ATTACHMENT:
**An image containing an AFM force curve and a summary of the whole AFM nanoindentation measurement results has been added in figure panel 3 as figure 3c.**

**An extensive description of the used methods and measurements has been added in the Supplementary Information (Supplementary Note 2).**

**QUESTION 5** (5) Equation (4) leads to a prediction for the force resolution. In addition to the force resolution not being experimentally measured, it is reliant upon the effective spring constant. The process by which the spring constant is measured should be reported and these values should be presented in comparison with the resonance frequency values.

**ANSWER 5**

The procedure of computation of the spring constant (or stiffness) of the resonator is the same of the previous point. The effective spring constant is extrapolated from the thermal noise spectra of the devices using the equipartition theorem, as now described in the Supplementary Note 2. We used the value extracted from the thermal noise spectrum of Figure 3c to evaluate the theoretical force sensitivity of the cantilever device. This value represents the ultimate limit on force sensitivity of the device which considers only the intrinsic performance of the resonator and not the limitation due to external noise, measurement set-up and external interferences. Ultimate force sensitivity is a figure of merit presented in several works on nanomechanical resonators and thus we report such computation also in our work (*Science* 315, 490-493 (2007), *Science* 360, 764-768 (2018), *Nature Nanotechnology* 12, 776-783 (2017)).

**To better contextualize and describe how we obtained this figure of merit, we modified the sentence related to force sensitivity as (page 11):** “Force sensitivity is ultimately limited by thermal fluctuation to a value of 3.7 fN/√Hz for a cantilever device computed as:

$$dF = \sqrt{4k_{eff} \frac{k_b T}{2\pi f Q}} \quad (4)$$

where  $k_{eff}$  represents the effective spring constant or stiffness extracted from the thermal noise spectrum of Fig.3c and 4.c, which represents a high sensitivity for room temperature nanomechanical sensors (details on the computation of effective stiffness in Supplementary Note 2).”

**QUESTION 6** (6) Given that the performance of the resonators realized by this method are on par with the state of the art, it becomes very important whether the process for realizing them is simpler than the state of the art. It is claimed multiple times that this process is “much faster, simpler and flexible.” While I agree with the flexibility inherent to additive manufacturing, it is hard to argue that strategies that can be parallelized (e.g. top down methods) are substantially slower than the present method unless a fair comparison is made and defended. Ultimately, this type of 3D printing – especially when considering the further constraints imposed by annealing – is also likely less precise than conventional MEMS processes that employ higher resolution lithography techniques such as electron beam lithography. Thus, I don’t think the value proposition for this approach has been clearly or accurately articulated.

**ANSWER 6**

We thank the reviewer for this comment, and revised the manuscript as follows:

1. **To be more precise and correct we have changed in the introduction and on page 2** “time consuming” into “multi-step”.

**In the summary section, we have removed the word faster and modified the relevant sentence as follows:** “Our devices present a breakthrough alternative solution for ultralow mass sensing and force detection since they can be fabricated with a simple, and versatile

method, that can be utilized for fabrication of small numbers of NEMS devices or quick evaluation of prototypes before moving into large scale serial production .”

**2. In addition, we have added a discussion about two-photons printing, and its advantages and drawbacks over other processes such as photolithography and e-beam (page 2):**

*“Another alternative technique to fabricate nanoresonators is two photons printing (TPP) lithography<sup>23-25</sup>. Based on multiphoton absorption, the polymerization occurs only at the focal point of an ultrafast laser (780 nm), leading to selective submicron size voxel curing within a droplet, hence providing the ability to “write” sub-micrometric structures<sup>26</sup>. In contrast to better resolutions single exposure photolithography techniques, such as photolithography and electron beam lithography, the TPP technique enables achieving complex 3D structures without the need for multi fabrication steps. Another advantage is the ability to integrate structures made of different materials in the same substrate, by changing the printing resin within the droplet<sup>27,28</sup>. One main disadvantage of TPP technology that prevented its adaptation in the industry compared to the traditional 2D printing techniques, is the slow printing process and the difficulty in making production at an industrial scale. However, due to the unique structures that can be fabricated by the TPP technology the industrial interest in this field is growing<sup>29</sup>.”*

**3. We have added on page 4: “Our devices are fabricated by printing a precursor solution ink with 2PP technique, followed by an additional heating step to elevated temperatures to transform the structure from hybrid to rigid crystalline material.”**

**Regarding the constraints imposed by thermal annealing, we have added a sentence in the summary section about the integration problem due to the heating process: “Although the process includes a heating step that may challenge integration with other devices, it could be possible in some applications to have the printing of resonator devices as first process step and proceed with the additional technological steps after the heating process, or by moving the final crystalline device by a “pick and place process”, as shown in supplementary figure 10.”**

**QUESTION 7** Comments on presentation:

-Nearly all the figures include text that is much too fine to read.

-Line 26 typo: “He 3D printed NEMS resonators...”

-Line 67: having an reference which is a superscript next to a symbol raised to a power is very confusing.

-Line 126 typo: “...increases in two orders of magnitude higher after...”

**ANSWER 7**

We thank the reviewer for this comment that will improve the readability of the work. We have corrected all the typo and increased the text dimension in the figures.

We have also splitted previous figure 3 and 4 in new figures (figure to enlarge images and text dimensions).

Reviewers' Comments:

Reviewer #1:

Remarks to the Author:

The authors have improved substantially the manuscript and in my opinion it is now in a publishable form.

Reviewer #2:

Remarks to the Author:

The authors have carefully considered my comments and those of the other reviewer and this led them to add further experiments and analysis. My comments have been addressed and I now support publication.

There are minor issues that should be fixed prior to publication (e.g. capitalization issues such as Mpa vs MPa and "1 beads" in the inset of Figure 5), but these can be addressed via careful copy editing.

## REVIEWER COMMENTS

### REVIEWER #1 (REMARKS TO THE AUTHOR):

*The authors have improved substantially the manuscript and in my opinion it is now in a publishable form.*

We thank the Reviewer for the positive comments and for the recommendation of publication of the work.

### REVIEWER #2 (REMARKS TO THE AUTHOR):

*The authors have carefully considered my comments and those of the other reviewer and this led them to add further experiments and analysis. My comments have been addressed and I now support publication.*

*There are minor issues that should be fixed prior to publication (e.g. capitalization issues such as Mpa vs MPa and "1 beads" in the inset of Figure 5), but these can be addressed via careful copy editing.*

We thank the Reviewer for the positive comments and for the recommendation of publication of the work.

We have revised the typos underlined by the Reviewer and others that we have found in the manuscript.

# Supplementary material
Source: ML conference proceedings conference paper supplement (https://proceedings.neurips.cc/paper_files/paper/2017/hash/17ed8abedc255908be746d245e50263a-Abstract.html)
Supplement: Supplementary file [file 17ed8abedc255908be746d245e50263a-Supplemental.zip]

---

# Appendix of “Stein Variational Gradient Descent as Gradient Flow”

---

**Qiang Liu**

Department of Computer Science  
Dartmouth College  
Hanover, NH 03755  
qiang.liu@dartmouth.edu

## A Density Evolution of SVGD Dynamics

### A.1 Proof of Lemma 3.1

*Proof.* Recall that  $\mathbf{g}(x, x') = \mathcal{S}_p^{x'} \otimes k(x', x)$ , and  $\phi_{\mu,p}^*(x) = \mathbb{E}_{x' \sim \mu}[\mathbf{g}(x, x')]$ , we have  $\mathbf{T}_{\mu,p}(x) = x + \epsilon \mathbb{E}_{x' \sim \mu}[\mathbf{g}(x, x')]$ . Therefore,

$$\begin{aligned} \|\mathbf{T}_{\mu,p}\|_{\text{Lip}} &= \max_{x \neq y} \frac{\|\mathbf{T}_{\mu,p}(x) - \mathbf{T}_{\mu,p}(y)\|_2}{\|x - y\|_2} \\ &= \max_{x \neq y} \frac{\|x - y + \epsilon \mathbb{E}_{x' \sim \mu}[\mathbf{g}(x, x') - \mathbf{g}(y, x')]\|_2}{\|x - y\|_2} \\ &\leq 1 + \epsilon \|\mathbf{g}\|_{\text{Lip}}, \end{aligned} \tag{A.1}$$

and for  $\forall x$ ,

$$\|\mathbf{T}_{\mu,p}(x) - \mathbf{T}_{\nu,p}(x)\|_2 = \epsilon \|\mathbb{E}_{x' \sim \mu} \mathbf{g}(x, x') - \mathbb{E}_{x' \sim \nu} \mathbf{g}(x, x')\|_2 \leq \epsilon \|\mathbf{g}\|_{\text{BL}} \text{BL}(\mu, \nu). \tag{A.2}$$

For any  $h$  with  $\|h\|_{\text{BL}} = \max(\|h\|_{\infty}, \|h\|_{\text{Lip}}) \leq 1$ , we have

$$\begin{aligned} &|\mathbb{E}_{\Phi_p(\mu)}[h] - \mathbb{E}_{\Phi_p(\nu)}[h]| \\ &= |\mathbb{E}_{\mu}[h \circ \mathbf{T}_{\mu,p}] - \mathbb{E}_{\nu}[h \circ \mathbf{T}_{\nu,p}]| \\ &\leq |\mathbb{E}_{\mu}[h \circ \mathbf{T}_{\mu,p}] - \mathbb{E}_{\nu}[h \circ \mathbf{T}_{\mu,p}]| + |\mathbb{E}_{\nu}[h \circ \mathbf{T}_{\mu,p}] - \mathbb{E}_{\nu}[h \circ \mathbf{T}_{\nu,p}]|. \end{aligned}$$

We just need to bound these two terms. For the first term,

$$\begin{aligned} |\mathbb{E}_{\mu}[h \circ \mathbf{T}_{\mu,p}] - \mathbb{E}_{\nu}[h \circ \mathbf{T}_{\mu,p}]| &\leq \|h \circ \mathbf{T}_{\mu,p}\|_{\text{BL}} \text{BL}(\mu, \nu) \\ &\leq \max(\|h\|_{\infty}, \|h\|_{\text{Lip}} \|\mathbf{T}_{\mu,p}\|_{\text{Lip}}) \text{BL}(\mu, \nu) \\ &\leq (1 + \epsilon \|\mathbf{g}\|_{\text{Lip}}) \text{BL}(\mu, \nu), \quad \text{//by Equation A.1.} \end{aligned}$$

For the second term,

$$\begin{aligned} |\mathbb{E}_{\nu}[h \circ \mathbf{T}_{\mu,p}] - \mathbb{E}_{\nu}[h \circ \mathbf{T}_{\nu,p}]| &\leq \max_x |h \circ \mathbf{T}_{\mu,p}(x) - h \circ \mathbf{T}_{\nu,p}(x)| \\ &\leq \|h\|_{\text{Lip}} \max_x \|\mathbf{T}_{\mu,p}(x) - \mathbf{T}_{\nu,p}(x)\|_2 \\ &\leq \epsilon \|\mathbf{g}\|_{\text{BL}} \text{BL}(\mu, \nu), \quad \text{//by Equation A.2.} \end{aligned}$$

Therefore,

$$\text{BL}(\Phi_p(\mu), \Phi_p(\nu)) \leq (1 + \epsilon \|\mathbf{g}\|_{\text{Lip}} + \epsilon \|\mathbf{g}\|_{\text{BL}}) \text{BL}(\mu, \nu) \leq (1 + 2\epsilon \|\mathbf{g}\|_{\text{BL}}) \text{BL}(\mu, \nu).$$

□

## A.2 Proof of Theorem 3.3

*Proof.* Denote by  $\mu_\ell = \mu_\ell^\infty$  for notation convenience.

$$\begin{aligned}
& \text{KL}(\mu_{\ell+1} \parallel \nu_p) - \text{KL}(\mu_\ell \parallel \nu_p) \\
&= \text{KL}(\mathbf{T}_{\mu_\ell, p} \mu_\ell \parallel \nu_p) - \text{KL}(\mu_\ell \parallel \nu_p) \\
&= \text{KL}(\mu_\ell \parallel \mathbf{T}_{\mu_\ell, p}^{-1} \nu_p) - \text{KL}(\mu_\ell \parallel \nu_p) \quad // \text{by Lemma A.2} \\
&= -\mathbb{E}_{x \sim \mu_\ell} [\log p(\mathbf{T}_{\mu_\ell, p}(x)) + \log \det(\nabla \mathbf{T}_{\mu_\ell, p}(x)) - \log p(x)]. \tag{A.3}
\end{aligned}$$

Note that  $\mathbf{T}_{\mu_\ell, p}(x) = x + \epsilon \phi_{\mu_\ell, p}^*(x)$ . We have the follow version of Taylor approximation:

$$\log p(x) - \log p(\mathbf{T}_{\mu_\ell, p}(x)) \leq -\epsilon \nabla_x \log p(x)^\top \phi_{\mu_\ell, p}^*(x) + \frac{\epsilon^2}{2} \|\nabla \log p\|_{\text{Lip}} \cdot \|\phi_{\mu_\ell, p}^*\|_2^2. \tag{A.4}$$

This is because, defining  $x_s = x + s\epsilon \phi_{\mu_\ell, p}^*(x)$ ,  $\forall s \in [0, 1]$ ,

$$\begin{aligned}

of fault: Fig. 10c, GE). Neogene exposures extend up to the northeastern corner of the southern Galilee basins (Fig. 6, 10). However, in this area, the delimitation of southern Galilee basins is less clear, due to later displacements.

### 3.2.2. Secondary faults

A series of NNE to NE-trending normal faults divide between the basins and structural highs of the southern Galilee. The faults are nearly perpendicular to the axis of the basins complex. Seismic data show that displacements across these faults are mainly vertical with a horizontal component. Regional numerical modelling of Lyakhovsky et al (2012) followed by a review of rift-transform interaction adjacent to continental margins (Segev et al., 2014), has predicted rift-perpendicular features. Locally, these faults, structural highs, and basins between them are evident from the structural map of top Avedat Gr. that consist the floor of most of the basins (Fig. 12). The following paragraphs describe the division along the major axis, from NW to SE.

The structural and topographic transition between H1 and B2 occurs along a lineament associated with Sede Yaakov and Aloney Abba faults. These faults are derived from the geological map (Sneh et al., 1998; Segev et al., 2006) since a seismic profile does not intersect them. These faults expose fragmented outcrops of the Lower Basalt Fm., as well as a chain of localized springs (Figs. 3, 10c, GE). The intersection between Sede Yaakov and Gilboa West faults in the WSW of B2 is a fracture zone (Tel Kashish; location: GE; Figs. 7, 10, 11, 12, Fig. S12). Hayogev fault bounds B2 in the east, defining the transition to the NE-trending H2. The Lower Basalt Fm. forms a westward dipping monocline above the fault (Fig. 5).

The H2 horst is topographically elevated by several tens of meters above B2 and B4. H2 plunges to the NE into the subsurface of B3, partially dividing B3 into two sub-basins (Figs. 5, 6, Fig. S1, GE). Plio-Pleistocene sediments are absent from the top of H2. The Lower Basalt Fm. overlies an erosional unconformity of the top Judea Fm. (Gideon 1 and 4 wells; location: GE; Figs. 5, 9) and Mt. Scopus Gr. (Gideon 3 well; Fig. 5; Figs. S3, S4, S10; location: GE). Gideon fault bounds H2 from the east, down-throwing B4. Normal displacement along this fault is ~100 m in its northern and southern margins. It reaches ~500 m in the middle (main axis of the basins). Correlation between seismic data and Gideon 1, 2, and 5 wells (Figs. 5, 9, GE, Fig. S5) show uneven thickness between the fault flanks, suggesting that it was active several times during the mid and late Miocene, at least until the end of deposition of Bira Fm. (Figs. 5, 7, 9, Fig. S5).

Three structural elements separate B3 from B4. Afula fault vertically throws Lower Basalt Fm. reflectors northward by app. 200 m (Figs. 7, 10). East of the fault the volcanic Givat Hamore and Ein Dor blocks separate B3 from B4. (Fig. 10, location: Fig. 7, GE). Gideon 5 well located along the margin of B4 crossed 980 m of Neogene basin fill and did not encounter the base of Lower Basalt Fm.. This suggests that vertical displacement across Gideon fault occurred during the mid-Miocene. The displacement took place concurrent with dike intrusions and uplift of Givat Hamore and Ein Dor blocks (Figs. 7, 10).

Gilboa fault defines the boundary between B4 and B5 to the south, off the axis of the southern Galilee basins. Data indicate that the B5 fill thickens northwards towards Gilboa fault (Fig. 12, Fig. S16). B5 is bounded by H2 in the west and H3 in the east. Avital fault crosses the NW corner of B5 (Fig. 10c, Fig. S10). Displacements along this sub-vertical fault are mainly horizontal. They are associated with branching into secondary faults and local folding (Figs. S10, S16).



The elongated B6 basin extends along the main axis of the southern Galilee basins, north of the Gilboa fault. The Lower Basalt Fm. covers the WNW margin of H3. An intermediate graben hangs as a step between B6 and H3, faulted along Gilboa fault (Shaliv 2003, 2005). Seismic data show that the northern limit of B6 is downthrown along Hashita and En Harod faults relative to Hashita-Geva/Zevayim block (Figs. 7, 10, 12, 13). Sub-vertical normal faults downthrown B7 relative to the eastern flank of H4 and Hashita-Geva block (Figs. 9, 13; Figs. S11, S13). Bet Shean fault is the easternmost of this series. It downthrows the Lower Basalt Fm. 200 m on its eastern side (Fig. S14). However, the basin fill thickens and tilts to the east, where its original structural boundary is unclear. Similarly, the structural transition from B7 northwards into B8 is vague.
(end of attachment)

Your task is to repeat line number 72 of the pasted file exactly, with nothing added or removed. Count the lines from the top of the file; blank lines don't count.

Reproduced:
$$\begin{aligned}